July 1, 1989
Seth B. Golbey
Most pilots have never considered adding a seaplane rating to their certificates, and at first glance, it's not hard to understand why. Seaplanes have an exotic ambiance about them; the mental images they conjure are of bushplanes in the northern wilds, flying boats in the Caribbean, or even big amphibs providing support services in the oil patch. If your airport is like most, the sight of a Maule or Cessna on amphibious floats on your ramp is a noteworthy one. They have the aura of working machines — and so they are — but they also offer recreational opportunities that landplanes cannot. With a seaplane, a visit to your favorite fishing (or swimming) hole becomes a pleasant weekend diversion rather than a trying, often frustrating, exercise in leisure-time logistics. And even if you never plan to fly a seaplane on a regular basis, earning the rating can be one of the most pleasant and rewarding experiences of your aviation career.
Pilots love a challenge, and flying floats is one of the best. It is a much less expensive rating to earn than most — often for less than $500 — and it can be accomplished in much less time — two or three days will usually suffice. It is also a rating that you don't need lots of experience to pursue; it's a great first add-on for the low-time pilot. And, of course, earning the rating also counts as a biennial flight review. So leave your jacket and tie in the Bonanza, slip into shorts, T-shirt, and sneakers (the haute couture of the seaplane world), and read on as we explore the challenges of learning to fly floats.
When we say "seaplane," we might mean a flying boat (like a Lake or Republic Seabee amphibian), a floatplane (which uses pontoons to support the airplane), or an amphibious floatplane (equipped with pontoons that contain wheels that can be extended for operations at airports or for taxiing into and out of the water). You'll learn these distinctions in ground school. Because most primary training is accomplished in airplanes on "straight" floats, most of your preflight training will concern basic floatplanes.
Ground school, which usually takes an hour or two, introduces you to a new language, beginning with the structure of the floats. Every float is rated according to the weight of fresh water that it can displace, and each float most be able to support 90 percent of the allowable gross weight of the airplane. A float rated 1500, for example can displace 1,500 pounds of fresh water. A pair of 1500s can support an air plane of 1,666 pounds gross weight and still retain the 80-percent "minimum re serve buoyancy" mandated by Federal Aviation Administration regulations Attached to an airplane like a Piper J-3 which has a gross takeoff weight of about 1,350 pounds, these floats provide plenty of "excess reserve buoyancy.' This would be referred to as an "overfloated" airplane. Overfloating within certain limits, enhances water handling.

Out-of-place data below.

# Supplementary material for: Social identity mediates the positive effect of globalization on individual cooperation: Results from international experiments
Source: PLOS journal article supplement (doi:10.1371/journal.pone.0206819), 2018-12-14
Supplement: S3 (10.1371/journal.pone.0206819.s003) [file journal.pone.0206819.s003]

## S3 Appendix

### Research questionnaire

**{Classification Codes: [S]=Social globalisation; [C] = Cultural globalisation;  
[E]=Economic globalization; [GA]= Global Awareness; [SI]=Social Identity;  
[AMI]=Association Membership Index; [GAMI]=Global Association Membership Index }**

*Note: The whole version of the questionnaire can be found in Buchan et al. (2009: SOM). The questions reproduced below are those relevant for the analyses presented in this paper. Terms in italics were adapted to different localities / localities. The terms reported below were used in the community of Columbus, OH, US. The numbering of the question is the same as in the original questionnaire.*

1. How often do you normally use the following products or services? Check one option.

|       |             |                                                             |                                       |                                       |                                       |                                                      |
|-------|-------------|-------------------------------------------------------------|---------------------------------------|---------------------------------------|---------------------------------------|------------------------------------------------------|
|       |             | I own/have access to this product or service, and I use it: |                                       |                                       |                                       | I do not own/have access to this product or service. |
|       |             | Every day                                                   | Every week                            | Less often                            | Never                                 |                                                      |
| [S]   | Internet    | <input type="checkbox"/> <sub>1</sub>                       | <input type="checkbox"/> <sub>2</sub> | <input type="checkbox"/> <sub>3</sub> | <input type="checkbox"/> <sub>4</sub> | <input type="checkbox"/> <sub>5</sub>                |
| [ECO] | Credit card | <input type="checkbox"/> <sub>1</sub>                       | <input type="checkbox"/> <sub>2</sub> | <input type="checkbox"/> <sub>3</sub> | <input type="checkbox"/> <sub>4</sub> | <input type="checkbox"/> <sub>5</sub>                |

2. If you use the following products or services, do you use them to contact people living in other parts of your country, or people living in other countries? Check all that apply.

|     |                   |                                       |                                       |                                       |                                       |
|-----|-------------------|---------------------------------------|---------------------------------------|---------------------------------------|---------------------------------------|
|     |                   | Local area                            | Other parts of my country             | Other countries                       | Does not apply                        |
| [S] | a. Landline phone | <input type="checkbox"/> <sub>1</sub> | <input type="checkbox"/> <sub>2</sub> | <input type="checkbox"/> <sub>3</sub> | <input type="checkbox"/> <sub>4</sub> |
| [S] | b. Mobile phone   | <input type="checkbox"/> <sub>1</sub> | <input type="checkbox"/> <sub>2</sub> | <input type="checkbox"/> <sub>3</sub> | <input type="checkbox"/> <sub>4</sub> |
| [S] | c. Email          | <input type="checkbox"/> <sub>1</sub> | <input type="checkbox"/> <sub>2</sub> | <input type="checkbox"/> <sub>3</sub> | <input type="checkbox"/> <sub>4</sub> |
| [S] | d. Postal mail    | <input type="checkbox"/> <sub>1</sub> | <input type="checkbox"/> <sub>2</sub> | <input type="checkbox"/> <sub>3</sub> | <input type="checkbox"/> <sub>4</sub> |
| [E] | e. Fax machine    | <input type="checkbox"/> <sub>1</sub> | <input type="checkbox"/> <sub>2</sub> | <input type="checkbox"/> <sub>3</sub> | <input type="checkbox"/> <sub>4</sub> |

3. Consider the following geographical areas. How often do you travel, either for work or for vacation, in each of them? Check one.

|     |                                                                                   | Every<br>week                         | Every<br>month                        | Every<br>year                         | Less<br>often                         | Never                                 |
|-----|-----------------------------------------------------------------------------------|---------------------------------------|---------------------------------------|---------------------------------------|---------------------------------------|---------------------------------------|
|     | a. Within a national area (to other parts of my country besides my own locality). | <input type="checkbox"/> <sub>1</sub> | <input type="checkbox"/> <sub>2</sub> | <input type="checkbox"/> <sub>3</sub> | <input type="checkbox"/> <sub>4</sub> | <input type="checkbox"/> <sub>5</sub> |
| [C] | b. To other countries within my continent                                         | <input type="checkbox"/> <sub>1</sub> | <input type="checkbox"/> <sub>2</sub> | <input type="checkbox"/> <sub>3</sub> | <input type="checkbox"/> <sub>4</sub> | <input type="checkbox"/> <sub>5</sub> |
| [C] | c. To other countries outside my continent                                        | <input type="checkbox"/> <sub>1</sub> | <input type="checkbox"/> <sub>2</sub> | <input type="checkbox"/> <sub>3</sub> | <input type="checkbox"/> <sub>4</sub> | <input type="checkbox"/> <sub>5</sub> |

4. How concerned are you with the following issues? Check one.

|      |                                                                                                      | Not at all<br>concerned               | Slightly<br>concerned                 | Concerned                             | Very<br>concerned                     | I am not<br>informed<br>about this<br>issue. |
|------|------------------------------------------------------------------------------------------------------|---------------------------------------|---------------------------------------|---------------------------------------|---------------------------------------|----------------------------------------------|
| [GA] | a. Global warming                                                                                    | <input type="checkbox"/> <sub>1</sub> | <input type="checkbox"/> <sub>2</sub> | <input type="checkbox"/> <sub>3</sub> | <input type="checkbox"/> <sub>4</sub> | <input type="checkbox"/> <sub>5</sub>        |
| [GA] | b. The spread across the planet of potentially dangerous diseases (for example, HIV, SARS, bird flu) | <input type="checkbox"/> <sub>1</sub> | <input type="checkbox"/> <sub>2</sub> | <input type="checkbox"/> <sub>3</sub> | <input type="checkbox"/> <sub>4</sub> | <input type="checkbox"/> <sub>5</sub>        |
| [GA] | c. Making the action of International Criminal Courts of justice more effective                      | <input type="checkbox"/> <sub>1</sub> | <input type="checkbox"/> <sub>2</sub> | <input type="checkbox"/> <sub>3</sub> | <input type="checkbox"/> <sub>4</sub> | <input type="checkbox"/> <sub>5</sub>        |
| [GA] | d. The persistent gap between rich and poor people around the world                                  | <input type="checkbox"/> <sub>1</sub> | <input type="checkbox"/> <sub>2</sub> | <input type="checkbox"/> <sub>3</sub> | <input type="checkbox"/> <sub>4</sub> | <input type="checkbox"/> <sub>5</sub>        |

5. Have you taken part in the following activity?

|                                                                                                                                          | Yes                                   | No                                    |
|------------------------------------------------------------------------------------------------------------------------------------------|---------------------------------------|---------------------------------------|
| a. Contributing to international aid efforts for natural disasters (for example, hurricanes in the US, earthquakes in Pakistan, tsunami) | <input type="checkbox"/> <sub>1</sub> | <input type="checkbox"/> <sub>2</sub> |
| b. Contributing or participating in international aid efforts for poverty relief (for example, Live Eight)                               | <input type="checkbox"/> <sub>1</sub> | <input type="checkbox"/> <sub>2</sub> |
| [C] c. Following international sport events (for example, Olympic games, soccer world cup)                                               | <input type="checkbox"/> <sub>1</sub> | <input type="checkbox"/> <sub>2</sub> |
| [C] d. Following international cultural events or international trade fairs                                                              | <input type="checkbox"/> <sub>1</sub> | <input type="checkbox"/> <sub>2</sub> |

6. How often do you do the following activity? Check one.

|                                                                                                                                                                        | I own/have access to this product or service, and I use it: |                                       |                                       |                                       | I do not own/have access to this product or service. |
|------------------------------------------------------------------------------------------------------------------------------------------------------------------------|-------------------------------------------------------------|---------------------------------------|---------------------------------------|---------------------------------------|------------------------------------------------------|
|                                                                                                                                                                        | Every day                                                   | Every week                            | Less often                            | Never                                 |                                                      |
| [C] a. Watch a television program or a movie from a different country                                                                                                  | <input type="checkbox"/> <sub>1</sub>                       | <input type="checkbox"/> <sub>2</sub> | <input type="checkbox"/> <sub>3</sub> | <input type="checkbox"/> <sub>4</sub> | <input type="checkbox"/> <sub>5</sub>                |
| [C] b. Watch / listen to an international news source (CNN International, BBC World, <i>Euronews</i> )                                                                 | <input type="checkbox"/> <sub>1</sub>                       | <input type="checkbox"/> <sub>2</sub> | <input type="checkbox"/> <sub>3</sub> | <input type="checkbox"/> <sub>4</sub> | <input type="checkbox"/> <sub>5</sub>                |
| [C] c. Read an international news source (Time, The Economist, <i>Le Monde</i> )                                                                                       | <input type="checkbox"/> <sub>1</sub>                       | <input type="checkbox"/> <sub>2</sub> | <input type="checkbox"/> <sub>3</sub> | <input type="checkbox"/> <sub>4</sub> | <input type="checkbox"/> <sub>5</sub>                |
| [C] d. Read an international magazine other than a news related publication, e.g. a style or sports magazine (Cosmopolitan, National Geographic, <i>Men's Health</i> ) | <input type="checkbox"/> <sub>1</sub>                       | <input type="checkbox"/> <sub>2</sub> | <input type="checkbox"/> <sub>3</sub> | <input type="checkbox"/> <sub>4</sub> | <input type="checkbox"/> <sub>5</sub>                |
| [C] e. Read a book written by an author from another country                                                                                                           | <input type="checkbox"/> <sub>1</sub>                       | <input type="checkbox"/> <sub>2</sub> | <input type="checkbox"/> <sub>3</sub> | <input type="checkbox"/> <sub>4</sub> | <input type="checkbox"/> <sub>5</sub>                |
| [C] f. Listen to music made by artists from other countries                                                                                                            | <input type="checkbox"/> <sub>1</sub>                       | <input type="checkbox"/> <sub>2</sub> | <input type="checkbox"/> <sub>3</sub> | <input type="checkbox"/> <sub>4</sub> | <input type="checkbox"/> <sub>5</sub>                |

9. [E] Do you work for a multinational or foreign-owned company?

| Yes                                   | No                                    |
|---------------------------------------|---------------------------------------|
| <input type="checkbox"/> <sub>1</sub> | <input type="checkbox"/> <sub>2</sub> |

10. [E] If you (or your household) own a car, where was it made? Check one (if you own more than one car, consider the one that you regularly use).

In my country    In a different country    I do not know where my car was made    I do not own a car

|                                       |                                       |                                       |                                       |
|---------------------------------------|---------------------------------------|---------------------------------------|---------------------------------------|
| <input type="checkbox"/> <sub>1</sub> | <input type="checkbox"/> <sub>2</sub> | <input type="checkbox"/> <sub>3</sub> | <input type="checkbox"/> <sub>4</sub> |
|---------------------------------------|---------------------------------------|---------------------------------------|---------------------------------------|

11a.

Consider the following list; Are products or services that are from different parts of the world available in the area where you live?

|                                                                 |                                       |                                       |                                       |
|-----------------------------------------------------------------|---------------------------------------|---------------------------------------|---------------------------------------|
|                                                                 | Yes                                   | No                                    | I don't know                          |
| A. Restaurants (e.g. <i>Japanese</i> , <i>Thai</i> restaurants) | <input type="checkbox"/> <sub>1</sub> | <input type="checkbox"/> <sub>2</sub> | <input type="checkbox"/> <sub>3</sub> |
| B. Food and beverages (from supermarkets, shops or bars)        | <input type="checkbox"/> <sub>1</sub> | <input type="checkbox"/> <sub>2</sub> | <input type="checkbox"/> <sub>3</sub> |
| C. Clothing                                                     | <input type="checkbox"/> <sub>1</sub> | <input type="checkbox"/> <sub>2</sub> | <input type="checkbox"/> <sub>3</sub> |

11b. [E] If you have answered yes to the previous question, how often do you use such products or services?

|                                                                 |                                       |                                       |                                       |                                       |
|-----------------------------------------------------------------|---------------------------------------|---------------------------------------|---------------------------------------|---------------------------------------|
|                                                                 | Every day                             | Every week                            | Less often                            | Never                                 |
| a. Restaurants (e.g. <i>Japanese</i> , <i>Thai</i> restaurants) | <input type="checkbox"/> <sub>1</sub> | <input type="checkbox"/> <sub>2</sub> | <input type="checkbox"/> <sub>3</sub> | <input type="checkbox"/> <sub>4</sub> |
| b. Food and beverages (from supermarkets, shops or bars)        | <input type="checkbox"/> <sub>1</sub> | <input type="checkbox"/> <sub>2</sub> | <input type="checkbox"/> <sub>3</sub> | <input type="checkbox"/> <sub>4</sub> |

Each float is divided into compartments separated by bulkheads, which keep any water in the floats from sloshing about and changing the airplane's center of gravity during maneuvers such as the takeoff run; they also provide structural integrity to the float itself. Floats must have at least four compartments (most have more) and must be able to remain afloat with any two compartments filled with water. These compartments are pumped out before each flight to remove any condensation or leakage that could provide weight and balance problems on takeoff.
Other parts of the float include a rubber bumper at the bow (better get used to bow and stem, windward and leeward, port and starboard; marine terminology holds sway in water flying); a keel that strengthens the bottom of the float and supports the airplane when on dry land (the keel is strong enough to allow a floatplane to land on a solid surface if necessary); the sister keelson, which helps strengthen the float; the chine, which, along with the spray rail, helps deflect water to the sides during takeoff and landing and also serves to attach the sides of the float to the bottom; the step, which, like the step of a boat hull, allows the airplane to plane along the surface of the water; the skeg, which forms the afterbody of the keel; the retractable water rudder, which aids in directional control during certain maneuvers on the water; the deck, which you walk on; and the cleats, which are used in securing the airplane. Then there are the struts, spreader bars, and bracing wires that attach the float to the airplane and the cables used to operate the water rudders.
Floatplanes have no brakes; even with the engine at idle thrust, the airplane will make way through the water, Taxiing therefore takes on an added dimension. The standard taxiing technique is idle, or displacement, taxiing. Here, the floatplane is supported by the displacement of the floats and guided by means of a combination of the minimum necessary power (depending on wind conditions) and use of the water rudders, which you extend by means of a handle in the cockpit. The most common mistake is to use too much power. Idle taxiing is the preferred taxi technique because adequate airflow is available for engine cooling, visibility over the nose is relatively good, and there is a lessened chance of spray damage to the propeller. (Spray can "shot-peen" a propeller to total destruction in a very short time; maneuvers that throw spray toward the prop are to be avoided at all cost.) Idle taxiing is performed with full aft stick (unless taxiing with a strong tailwind). This helps keep the bows of the floats out of the waves and improves directional control. Control displacements are used just like when taxiing an airplane on land; i.e., keep the upwind wing down.